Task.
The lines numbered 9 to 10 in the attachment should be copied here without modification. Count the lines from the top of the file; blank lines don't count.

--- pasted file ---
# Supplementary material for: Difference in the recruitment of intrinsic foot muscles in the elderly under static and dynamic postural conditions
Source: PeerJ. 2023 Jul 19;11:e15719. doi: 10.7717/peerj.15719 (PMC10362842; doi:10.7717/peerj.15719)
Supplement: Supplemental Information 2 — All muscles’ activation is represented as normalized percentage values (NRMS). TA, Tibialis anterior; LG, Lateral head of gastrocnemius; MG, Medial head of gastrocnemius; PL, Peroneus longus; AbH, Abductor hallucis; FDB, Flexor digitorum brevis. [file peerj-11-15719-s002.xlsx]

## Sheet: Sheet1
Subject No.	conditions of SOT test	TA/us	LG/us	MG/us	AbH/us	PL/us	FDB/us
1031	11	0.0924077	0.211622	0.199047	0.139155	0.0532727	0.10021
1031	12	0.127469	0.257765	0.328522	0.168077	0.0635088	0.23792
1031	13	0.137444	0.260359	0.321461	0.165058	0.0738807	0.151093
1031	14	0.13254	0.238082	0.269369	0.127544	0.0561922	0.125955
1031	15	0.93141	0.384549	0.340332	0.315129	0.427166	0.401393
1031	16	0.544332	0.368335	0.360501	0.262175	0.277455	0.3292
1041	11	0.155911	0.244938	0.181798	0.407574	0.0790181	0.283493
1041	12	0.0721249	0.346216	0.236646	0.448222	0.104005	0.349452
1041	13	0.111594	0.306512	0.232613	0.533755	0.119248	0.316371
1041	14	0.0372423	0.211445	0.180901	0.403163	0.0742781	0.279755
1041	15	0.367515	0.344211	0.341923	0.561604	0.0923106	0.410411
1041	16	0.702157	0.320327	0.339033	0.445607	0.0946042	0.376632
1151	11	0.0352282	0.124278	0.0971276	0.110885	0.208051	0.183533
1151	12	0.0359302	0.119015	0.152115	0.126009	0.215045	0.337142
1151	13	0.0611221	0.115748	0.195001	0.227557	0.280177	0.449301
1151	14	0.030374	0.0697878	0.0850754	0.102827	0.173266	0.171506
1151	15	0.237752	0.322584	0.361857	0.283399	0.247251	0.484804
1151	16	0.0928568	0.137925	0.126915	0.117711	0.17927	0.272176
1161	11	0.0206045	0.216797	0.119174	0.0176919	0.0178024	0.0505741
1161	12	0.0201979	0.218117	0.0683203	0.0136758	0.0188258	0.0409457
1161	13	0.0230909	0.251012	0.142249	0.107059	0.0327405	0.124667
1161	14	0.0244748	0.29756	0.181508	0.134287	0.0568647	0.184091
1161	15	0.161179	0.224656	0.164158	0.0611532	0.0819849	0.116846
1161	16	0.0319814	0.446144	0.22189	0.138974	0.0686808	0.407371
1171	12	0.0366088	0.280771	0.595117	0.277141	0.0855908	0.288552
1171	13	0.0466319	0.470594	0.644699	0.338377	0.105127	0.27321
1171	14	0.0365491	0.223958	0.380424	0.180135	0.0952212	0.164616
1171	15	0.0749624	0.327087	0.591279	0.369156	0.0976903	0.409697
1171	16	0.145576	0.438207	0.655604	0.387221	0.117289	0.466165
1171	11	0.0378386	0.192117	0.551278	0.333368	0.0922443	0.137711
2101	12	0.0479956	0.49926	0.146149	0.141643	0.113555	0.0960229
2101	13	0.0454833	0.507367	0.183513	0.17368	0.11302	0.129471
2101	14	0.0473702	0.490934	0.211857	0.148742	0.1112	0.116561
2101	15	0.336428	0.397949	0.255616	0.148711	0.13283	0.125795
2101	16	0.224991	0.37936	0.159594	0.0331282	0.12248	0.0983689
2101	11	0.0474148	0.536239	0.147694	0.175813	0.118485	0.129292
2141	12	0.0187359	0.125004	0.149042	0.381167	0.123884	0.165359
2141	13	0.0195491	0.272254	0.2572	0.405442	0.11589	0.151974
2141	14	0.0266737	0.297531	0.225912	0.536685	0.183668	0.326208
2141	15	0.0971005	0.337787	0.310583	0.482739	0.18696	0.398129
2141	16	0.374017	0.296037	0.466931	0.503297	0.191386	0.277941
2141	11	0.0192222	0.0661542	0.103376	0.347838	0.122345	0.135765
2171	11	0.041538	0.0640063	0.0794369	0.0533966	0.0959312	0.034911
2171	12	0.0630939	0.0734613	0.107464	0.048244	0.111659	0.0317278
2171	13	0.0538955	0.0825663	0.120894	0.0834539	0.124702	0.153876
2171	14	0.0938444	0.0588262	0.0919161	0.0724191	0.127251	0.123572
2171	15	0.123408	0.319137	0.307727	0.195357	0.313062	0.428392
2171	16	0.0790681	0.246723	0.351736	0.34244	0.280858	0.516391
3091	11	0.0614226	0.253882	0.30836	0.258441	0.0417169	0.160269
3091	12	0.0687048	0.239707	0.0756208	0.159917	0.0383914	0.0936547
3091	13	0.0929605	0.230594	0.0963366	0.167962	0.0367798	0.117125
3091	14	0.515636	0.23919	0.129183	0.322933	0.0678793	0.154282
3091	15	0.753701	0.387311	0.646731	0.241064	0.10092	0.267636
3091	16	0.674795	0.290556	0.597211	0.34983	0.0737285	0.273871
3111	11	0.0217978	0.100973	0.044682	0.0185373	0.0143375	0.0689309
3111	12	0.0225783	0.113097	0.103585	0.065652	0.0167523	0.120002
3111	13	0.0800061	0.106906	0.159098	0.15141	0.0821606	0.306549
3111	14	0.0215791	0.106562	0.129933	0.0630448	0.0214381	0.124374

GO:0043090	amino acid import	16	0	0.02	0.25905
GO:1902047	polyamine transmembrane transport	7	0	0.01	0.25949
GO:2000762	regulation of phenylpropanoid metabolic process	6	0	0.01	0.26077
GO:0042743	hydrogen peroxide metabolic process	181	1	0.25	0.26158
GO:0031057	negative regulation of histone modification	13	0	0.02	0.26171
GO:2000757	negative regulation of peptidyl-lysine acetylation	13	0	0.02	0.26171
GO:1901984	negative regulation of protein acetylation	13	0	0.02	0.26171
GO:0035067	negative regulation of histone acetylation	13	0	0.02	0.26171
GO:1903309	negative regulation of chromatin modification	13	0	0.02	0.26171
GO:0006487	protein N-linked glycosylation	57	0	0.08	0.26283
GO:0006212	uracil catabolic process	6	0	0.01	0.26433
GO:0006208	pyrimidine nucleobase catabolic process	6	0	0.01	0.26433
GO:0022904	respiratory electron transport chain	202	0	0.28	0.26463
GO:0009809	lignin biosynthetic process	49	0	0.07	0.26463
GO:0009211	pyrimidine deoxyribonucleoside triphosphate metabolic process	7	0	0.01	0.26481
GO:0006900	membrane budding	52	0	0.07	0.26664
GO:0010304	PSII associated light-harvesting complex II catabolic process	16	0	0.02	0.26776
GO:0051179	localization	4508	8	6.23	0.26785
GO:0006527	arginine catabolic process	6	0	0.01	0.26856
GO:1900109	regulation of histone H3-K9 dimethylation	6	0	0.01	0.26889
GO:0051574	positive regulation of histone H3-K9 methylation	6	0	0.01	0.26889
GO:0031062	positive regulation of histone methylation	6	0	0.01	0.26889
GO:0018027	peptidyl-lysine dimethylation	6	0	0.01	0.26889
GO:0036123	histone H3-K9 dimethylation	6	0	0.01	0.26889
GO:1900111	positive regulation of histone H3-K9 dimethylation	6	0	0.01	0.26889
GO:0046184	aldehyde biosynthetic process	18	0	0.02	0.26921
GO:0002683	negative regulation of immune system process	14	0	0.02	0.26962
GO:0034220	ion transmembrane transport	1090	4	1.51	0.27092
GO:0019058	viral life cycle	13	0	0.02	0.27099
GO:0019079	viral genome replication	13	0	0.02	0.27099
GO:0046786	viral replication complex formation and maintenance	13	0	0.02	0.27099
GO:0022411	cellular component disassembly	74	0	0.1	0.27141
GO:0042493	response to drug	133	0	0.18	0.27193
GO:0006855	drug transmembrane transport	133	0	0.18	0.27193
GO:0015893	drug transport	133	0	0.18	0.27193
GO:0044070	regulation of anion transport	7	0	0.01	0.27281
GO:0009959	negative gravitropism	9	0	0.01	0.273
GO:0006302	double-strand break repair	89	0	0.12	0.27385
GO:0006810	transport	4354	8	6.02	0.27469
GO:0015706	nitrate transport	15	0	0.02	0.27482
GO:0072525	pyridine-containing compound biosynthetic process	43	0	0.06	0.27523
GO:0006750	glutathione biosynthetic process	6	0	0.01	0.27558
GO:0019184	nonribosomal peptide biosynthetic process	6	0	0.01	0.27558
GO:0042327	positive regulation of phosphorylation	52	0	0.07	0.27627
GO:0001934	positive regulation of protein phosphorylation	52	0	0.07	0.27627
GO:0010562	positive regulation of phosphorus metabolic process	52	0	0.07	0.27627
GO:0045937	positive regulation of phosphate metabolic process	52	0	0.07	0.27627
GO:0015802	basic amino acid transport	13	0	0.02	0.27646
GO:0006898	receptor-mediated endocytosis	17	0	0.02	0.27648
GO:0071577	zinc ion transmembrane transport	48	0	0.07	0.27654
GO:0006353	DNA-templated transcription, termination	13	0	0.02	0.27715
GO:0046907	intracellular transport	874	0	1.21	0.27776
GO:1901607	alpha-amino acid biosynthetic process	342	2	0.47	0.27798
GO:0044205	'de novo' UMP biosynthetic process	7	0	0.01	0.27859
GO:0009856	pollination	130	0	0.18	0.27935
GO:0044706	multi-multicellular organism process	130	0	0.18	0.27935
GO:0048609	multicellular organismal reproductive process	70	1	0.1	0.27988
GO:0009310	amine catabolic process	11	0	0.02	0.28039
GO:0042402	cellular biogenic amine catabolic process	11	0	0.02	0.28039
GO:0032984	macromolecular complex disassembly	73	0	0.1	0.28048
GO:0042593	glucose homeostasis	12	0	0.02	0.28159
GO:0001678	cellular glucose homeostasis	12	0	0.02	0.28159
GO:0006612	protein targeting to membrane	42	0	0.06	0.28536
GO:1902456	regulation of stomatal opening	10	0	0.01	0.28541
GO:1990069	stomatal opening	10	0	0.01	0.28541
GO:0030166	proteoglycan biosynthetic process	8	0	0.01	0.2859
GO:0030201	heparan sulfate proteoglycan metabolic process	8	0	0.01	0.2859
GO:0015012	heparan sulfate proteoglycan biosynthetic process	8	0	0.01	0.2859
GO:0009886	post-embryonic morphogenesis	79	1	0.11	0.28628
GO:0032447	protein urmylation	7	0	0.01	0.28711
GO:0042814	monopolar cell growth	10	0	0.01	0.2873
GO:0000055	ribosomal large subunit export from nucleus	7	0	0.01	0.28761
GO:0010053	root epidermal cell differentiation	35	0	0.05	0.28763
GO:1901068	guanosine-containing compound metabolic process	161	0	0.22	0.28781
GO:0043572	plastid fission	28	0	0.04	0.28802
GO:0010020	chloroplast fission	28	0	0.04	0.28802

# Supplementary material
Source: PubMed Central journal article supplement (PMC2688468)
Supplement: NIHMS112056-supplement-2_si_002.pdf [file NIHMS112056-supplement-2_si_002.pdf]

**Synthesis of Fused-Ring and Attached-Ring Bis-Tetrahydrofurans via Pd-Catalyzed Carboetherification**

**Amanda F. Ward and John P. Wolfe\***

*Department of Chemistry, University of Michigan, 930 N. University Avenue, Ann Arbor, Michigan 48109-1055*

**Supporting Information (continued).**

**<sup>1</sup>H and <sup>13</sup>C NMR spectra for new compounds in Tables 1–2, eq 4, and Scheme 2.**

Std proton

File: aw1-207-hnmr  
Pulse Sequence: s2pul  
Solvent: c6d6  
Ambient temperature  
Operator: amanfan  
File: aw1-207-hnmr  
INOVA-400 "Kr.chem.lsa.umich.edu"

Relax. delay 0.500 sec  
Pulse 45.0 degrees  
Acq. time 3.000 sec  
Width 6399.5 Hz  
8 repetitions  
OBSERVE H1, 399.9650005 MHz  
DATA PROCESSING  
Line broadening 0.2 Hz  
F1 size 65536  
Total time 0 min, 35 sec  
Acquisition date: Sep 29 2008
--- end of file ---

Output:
1031	14	0.13254	0.238082	0.269369	0.127544	0.0561922	0.125955
1031	15	0.93141	0.384549	0.340332	0.315129	0.427166	0.401393